How hard could it be to find hundreds of tons of radioactive nuclear material? We've certainly got plenty of motivation to keep tabs on this stuff. There's the threat of terrorist groups like Al Qaeda, the standoff between Pakistan's and India's arsenals and North Korea's Kim Jong Il. Iran, the next big nuclear challenge, already has missiles that can strike Israel and a thriving civilian nuclear-power program. It claims to have no ambition for nuclear weapons, but verifying this is critical. We must know how much to press for a diplomatic solution or how seriously to consider a military strike.
Nuclear intelligence, however, is problematic. Despite all the high-tech gear that intelligence agencies have developed, facts on the ground are so thin that the whole question of what countries like Iran are doing with nuclear weapons is vulnerable to manipulation by policymakers. Who can forget how Condoleezza Rice, as head of the National Security Council in September 2002, declared that the United States could not let the "smoking gun" of Iraq's nuclear program become a mushroom cloud? Too often intelligence about clandestine nuclear programs is spotty and can easily be misread.
Many people might think that technology allows spies to easily snoop on weapons plants, but that is not true. Satellite images can flag buildings suspected of being part of a nuclear-weapons program, but they cannot reveal what goes on inside. It's easy to hide a gas-centrifuge plant, which is needed to take ordinary uranium and turn it into highly enriched uranium for weapons. Spy-satellite photos of new construction at pre-1991 Iraqi nuclear-weapons sites helped convince the CIA that Iraq was building a uranium-enrichment plant. It turned out to be a repair shop for military radar.
The chief evidence U.S. intelligence agents mustered on Iraq was a shipment of thousands of aluminum tubes thought to be key components of a gas centrifuge. Intercepted nuclear hardware and communications are powerful intelligence tools, but they're often ambiguous. In the case of Iraq, the aluminum tubes were probably intended for artillery rockets. Another tactic—placing "bugs" inside such dual-use equipment and arranging to have it traded on the black market—uncovered secret installations in Libya. But it failed in Syria; the dual-use items could not be linked to nuclear weapons.
Since nuclear materials give off radiation, spies can use sophisticated detection equipment to identify them. But these detectors work only within short ranges—they have to be placed or flown near a nuclear site. U.S. intelligence agents identified Pakistan's gas-centrifuge enrichment plant in the 1980s by secretly placing radiation detectors in fake rocks and roadside mile markers. But this won't work in Iran and North Korea. Since nobody knows where to look for the plants in these countries, getting detectors within range is nearly impossible.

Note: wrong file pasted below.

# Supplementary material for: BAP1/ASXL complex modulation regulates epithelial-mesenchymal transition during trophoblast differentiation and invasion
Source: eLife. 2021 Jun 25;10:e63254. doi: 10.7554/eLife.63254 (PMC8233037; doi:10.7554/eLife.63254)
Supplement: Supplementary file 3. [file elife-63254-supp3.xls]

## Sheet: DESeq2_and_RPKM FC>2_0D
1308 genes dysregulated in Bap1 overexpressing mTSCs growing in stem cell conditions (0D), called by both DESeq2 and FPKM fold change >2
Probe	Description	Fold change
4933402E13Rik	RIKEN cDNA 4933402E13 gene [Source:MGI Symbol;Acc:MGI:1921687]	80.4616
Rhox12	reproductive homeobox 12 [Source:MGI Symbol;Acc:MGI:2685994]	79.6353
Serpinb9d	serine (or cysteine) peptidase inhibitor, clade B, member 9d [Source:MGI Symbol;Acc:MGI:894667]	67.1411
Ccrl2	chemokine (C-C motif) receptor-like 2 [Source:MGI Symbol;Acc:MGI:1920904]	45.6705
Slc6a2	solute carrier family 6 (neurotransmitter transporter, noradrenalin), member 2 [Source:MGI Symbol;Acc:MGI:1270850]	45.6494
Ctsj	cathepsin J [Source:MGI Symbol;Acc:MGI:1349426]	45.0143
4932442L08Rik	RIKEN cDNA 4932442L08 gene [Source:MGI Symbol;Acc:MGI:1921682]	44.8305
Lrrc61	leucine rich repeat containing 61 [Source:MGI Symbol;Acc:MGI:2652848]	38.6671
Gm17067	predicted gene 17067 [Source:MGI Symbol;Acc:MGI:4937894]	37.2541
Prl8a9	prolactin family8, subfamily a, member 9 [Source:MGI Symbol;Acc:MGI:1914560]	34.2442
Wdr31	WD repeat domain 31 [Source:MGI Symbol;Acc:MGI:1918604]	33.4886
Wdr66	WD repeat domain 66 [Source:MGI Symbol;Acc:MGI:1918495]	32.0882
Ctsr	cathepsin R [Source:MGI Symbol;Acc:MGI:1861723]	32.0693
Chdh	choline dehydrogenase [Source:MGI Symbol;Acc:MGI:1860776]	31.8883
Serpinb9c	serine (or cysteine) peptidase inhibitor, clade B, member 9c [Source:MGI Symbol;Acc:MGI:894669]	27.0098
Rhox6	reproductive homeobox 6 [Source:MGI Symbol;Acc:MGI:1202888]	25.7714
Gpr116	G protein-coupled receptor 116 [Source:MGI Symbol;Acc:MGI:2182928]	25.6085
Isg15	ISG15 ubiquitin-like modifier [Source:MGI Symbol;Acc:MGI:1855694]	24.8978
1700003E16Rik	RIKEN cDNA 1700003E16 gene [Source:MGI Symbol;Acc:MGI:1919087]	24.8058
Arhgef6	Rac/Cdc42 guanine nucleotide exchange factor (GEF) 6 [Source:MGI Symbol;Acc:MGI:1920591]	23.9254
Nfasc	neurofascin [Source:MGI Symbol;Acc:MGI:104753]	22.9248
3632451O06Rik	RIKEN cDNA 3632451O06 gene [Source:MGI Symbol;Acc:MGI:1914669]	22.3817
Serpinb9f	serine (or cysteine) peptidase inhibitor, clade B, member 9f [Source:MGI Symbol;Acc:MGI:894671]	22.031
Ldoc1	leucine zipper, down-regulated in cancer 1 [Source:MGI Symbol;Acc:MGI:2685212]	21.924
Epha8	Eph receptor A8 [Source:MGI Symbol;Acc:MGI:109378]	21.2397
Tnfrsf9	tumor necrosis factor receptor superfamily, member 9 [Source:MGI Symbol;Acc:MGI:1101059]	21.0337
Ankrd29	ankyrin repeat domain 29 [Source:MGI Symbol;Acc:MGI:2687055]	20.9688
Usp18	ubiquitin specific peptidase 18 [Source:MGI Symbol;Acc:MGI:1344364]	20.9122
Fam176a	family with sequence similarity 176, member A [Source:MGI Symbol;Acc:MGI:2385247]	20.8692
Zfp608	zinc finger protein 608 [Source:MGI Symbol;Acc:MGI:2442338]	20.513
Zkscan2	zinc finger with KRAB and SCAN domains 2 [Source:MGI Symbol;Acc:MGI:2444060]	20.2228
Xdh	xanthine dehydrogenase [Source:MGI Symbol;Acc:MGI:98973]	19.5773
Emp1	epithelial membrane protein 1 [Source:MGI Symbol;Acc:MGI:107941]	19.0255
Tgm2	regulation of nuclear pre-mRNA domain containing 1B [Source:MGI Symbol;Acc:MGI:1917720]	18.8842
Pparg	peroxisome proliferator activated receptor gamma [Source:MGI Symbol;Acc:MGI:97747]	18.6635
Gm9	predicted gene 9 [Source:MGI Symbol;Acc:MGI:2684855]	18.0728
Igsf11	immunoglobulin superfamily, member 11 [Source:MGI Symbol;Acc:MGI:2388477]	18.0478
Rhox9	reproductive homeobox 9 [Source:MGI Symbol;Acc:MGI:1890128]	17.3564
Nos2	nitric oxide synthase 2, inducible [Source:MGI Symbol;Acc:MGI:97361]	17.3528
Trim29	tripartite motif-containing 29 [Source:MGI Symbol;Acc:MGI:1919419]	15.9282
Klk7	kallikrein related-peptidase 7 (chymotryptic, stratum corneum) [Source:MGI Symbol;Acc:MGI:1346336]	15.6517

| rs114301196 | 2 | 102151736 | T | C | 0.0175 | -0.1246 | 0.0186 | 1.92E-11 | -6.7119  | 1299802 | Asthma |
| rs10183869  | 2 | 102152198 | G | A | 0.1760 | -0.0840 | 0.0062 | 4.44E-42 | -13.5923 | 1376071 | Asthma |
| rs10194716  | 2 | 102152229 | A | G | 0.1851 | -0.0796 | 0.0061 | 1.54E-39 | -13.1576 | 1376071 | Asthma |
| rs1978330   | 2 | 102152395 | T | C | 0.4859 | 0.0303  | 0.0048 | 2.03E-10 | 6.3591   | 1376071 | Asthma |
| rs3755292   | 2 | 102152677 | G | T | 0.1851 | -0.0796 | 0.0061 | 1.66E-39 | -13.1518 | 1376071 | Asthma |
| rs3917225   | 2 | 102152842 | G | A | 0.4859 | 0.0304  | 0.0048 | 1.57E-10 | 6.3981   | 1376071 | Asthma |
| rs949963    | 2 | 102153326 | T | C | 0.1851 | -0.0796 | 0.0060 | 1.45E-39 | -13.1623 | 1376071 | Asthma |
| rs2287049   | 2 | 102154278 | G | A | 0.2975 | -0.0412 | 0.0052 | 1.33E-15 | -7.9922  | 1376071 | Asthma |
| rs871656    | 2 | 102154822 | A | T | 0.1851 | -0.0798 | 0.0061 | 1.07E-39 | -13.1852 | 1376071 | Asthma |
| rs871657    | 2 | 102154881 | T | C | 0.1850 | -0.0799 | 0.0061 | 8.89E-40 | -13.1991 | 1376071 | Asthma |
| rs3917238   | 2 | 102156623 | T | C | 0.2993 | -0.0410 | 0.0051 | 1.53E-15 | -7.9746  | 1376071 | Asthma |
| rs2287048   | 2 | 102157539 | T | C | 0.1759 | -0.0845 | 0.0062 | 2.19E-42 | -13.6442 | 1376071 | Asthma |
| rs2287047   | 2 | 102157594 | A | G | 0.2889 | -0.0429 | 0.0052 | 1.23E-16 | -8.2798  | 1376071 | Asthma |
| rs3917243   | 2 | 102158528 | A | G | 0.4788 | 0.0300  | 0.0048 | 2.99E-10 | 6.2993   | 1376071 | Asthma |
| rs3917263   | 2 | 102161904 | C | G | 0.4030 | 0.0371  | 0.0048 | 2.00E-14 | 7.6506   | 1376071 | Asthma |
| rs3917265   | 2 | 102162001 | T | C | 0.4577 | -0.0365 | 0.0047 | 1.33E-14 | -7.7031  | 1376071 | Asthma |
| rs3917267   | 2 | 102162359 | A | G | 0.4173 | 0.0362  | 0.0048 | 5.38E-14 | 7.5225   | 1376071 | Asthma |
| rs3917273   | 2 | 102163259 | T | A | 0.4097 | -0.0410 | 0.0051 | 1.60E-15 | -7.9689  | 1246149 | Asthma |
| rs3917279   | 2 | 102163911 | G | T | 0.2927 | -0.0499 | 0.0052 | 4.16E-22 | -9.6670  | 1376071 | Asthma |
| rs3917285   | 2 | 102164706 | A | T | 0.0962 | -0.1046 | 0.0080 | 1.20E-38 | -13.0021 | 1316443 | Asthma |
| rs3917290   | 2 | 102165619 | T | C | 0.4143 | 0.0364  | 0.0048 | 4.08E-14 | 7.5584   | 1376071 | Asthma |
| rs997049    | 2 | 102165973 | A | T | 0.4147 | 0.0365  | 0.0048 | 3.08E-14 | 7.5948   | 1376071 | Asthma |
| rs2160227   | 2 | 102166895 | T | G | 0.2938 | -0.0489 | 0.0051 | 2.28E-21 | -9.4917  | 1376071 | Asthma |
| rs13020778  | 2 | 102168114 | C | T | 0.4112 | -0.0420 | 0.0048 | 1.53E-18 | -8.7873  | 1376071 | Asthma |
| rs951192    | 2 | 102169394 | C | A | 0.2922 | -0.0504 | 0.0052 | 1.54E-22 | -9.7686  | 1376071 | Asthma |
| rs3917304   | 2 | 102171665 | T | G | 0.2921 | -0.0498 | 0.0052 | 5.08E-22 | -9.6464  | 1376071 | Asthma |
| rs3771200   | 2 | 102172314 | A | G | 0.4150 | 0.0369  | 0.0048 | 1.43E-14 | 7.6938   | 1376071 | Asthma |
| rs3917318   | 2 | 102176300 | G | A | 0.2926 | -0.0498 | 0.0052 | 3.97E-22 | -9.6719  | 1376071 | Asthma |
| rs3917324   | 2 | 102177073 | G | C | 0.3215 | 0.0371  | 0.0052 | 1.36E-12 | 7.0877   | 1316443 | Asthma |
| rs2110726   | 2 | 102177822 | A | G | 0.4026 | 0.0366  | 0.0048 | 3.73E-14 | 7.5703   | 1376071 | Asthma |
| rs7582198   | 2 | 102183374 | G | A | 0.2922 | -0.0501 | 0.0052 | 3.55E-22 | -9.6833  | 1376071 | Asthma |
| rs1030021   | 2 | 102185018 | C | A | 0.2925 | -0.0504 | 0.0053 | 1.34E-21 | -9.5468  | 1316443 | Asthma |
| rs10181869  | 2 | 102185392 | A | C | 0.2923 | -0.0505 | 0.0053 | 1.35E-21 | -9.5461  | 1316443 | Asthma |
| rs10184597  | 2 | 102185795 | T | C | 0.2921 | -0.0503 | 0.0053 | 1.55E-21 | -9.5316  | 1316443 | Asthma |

Spies and defectors can reveal secret sites and the inner workings of nuclear programs, but this method is hit or miss. Collaborators helped reveal Pakistan's and Taiwan's nuclear-weapons programs in the 1980s. But defectors proved to be misleading in Iraq and have not been useful for years in Iran. Placing spies inside programs is a daunting challenge, especially in regimes such as Iran and North Korea and in terrorist groups.
Looking back on Iraq and North Korea, we see plainly that information given voluntarily to the International Atomic Energy Agency has been far more accurate than anything intelligence agencies have been able to get by stealth. The IAEA uses commercial satellite imagery, but it can also demand access to suspect sites and ask tough questions. Inspectors on the ground at declared nuclear sites and suspect sites can swipe surfaces for traces of enriched uranium or plutonium. Whereas the intelligence community often generates suspicions, the IAEA can actually follow up.
The poor track record of nuclear-weapons intelligence makes it almost impossible to know what to believe about Iran. Those who favor a diplomatic solution take comfort in claims of U.S. intelligence agencies that Iran won't obtain nuclear weapons until 2010 or even 2015, but the basis of this estimate has not been made public. Hawks have tried to show that Iran is closer to having nuclear weapons, but they have no greater claim on the truth. Recently the rhetoric has gotten heated. Some Israeli reports claim that Iran could have enough nuclear-explosive material for a bomb by the end of this year. (The Iranian opposition group the National Council of Resistance says that Iran has already crossed this threshold.) U.S. Vice President Dick Cheney warned in January that a nuclear-armed Iran was a "serious prospect." Both Cheney's and Israeli comments are insinuations, not proof.
The most worrisome trend is recent efforts by some U.S. officials to denigrate the IAEA for not declaring Iran's imminent weapons capability. The IAEA, acutely aware of the threat of a nuclear Iran, holds that evidence must be collected systematically and objectively. Heeding these experts might help repair the damage caused by getting it wrong on Iraq.